However, embargoes do have a lot of positives to go along with them. First of all, embargoes allow for the playing field to be even. It allows for sites like TechRaptor, NicheGamer, and Defunct Games to be able to actually give their opinions without having to rush things and still compete with each other. Without that embargo, one of the things that can happen is a race to coverage. If all outlets receive the game at the same time, the first to publish a review will likely get a majority of the hits, which is important to keep a journalistic outlet afloat (in most cases). This could lead to rushed coverage, and rushed coverage means that there's a definite possibility that mistakes could be made. That, in turn, may harm the game and may harm the consumer.
When embargoes are used right, it allows those organizations the time to dedicate to the game, being able to cover it at a reasonable pace, and in several cases give the game the due time that it deserves. With more time put into the game, there should be more analysis of the game and more accurate information that develops because of it. Which goes to serving the whole point of what you're trying to deliver to your audience: the truth. You are able to hand them more information based on more hours with the game and in a more relaxed environment. You may not be forced to rush things in those cases to get them out for the sake of clicks on your website. You deliver a better product because you know more about what you're talking about.
This is the key element of why review embargoes are important for an industry. Sure, it levels the playing field, but it pales in comparison to the accuracy of information. The conditions in which a review embargo (when used correctly or even semi-correctly) is used should result in better information for ALL readerships. Sure, there's going to be people who still rush things and make mistakes, but that would happen anyway without the review embargo system. The review embargo at least allows for the conditions to exist, and it's up to the publications to take advantage of them or not.
But why talk about embargoes in this piece? The fact is there was no embargo agreed to in this case. Copies were sold by a store to the journalists in question, and there was no agreement with the publisher and the journalistic outlet. Even if they were in contact about the review copies and possible embargoes that had been planned, they had not received the copy yet and were by no means obligated to listen to their requests regarding taking the footage down or stream the game.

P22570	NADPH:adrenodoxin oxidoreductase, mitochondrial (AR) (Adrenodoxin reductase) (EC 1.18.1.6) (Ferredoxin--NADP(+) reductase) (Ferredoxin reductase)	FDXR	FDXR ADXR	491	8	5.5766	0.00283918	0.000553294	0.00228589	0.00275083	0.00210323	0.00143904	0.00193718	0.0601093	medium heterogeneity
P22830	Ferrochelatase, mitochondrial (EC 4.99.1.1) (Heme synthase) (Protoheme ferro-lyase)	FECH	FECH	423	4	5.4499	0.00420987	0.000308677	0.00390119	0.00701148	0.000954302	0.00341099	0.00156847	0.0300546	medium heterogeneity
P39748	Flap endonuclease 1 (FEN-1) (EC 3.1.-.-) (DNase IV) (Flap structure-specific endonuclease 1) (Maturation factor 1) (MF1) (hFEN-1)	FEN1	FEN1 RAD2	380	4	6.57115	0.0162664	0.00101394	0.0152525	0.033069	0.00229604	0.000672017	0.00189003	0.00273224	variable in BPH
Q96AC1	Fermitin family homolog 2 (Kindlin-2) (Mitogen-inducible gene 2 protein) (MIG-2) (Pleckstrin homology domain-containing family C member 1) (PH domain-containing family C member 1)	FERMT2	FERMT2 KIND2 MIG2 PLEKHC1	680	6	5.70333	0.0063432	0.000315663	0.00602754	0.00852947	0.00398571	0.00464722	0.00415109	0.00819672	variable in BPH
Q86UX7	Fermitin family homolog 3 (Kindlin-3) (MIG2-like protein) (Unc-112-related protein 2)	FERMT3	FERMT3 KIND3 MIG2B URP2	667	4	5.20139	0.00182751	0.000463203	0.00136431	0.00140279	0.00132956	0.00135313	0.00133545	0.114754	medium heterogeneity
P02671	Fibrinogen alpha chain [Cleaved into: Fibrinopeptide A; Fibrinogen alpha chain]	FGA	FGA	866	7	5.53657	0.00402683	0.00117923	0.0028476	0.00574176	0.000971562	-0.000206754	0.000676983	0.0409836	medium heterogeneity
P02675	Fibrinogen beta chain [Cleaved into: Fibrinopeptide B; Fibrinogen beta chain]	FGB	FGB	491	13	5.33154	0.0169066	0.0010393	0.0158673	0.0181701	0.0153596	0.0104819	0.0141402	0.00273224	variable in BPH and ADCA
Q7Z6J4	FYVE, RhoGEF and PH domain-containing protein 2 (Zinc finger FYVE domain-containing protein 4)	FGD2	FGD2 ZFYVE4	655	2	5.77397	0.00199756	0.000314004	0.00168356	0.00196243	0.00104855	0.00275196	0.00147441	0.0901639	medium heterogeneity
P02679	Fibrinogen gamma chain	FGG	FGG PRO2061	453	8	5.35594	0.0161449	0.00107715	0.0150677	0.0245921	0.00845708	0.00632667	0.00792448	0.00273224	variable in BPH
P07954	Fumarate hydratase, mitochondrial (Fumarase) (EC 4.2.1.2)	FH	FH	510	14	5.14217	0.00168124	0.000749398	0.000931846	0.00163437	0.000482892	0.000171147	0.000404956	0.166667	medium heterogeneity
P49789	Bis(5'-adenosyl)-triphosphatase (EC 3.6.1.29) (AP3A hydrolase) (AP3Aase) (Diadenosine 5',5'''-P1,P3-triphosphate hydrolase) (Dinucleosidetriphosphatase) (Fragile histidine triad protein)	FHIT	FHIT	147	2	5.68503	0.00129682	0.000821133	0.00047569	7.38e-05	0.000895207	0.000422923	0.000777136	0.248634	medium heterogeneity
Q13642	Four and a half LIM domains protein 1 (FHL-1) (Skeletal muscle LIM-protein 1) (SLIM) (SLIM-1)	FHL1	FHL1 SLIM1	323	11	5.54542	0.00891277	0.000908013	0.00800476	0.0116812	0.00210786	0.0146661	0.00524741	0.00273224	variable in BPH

Well, part of the reason to talk about embargoes is to understand why embargoes exist in the first place—reasons that will definitely come into play during the rest of this article. And as you're about to find out shortly, there's consequences in the long term regarding using that street copy, and what it means for the industry as a whole.
Serving your Readers in the Short Term Versus the Long Term
One of the main arguments that I've seen in defense of the bought copies has to do with serving your readership. Because the copies are available by some means, it's a publication's duty to get a copy and be able to accurately give information to their reader base. By the Society of Professional Journalist guidelines, that seemingly would be the case, as it'd fall under the "Act Independently" segment. The main guideline reads that: "The highest and primary obligation of ethical journalism is to serve the public." You could justify getting that information to the public and the consumer base that's looking for any sort of information. Getting that information would outweigh any sort of obligation to the publisher or developer of No Man's Sky.
No laws were broken, and you're trying to get information to your reader base. You're looking for the truth. So it's an open and shut case right?
Not so fast.
There's one key factor that I think always gets overlooked regarding the SPJ guidelines. And it's one point that I think comes into play here: "Consider the long-term implications of the extended reach and permanence of publication. Provide updated and more complete information as appropriate." Now, you'd think that just relates to the coverage specifically for the item being reported on. If you publish something that could damage a person's career, for example, you really need to consider what lasting effect it could have, and to update that story when circumstances change.
However, I don't think the guideline is that simple. I think that it applies to everything you do as a journalist, pointing out the long-term affects of what you publish, and what it could mean to the industry and your own reputation. You have to be able to deliver the truth, but if your pursuit of the truth ends up damaging your ability to search for the truth in the future, then you've got to question if it's worth it. Is the risk of getting that piece of information that you're looking at now worth the possible hit that you take going forward.